Thanks to this philosophy, I must say that I enjoy cricket more nowadays than in the past.

T20 World Cup? What T20 World Cup? All I know is that the India-West Indies series begins on June 26. If we lose that, then there’s always the ICC Champions Trophy in September. If we lose that, then there’s always…

Much like that famous line in Casablanca: We’ll always have Lord’s, 1983 and Johannesburg, 2007.

© Sunil Rajguru

15 Things I never thought could happen when I was a kid…

1. A non-Nehru descendant completing a five-year-term as Prime Minister and actually getting re-elected after that!
- Jai Ho!

2. Pakistan cricket becoming irrelevant in the world and India.
- Arre baba, IPL ka matlab Indo-Pak League nahin hain.

3. A mobile phone becoming one of the most common of devices.
- Mere paas Star Trek ka kam se kam ek device to hain!

4. An Indian picking up two Oscars on one night for Bollywood songs in a Hinglish movie.
- Jai Ho again!

5. Prabhakaran actually getting shot and killed without a fight.
- Do tigers just roll over and die?

6. No years of waiting for scooter, gas, phone,…
- Instant ka zamana aa gaya hain, aur bahut accha hain.

7. A Western type lifestyle and roads jampacked with cars.
- Watch an old Hindi flick, roads look so empty and only the hero is so well-dressed and educated.

8. A non-Russian becoming the World Chess Champion and that too an Indian to boot.
- Vishwanathan: Jaisa naam, waisa kaam.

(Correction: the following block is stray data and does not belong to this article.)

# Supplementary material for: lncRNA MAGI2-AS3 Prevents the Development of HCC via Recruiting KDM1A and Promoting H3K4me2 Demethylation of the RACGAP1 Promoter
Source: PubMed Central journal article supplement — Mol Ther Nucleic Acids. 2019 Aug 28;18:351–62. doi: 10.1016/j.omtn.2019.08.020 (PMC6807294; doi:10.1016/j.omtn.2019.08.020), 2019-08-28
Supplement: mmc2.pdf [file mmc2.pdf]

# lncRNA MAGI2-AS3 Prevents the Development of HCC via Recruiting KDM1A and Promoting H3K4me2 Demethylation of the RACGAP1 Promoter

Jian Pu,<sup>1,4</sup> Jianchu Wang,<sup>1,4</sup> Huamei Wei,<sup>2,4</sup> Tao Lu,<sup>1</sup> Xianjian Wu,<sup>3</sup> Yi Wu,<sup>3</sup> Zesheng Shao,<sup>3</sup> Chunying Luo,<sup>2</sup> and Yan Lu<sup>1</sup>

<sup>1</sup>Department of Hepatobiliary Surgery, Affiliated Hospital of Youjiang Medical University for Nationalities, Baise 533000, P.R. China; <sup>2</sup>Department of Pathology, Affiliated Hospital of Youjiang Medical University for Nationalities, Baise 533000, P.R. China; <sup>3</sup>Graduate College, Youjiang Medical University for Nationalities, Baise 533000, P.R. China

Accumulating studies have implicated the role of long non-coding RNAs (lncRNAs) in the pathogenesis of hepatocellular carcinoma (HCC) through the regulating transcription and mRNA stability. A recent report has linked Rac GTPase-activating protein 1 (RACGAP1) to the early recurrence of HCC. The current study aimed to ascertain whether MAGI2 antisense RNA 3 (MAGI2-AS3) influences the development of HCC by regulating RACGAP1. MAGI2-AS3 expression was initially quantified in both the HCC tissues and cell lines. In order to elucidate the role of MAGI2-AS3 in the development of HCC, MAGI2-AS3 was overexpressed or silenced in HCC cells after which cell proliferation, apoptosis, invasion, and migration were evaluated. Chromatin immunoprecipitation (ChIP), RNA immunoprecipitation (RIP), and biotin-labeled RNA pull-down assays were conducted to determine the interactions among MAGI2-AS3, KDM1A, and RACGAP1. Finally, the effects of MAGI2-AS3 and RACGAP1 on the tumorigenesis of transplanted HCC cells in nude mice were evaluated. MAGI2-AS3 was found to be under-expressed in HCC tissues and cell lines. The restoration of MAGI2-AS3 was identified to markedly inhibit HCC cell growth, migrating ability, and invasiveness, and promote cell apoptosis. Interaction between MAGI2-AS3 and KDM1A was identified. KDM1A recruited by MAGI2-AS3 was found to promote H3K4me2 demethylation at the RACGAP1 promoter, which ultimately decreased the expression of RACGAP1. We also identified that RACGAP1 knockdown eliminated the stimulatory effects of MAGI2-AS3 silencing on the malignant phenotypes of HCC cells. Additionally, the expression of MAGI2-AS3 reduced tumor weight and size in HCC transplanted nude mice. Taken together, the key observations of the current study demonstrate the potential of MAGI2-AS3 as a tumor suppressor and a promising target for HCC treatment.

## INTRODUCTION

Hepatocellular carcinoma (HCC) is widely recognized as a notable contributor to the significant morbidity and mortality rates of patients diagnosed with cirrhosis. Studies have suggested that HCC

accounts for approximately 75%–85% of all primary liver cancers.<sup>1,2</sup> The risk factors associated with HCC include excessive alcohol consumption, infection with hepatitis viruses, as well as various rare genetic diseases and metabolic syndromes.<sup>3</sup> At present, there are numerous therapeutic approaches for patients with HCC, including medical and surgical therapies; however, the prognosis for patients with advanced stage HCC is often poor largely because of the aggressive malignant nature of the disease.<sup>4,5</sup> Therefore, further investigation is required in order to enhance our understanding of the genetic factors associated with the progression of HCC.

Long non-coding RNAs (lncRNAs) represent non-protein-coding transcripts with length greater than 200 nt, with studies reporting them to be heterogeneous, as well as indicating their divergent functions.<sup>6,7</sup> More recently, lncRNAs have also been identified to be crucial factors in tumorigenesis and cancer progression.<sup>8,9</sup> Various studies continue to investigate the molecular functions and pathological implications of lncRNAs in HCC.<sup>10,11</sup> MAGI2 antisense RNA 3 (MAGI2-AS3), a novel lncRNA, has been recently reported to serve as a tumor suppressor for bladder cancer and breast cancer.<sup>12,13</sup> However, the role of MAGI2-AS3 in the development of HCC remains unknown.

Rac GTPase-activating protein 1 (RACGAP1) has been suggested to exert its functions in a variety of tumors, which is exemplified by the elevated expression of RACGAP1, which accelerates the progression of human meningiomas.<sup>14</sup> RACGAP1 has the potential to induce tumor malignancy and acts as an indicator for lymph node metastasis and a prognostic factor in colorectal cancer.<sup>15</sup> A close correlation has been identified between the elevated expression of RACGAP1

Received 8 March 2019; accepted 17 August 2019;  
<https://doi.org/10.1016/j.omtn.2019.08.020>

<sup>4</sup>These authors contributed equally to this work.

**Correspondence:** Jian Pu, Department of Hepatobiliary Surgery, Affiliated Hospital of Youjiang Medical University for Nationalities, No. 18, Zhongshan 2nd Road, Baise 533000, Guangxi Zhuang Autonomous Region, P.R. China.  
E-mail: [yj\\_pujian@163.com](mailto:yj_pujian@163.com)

9. An African American getting elected to the White House.
- Now that’s Change we all can believe in!

10. Coalition governments actually lasting in India.
- NDA doesn’t just mean National Defence Academy and UPA is here to stay.

11. Indians buying out top world companies.
- Mittal and Tata: What an appetite!

12. India becoming an IT powerhouse.
- When will Microsoft be toppled? Maybe the answer lies with India.

13. Veerappan getting caught and killed.
- Sandalwood? That’s the Kannada film industry.

14. The Berlin Wall crumbling. Communism falling. Russia becoming almost irrelevant in world politics.
- One world. One Germany. No USSR.

15. A Governor of Indian origin getting elected in a US state. Indian origin CEOs worldwide.
- So there is such a thing as Indian leadership after all (But currently only outside India).

And 15 Things I’m still waiting for…

1. Toppers and professionals outnumbering criminals in Parliament.
- “Hi! I’m an IIT Gold Medallist and Politics is my first choice!”

2. The Kashmir dispute getting solved.
- The Indian and Pak heads of states walked into the sunset saying, “I think this is the beginning of a beautiful friendship.”

3. India becoming No. 1 in Tests and actually staying there for a few years.
- “First it was the Windies. Then the Aussies. Now these mean Indians!”

4. India producing the fastest bowler in the world.
- “Aur isike ke saath Lucky Singh ne 100mph ka barrier cheer ke rakh diya!”

5. India playing in a Football World Cup.
- “India scores the decisive goal against Argentina and enters the quarter finals!”

6. An Indian company wholly producing a Windows or iPod type of product.
- Hail India, the new powerhouse of patents.

7. America playing cricket and India playing baseball.
- Slamdog Millionaire!

8. India becoming an economic, military or cultural superpower ahead of America.
- China door raho, tum hamse takkar nahin le sakte.

9. India making it to the list of 10 least corrupt nations on the Transperency International list.
- Corruption, woh kis chidiya ka naam hain?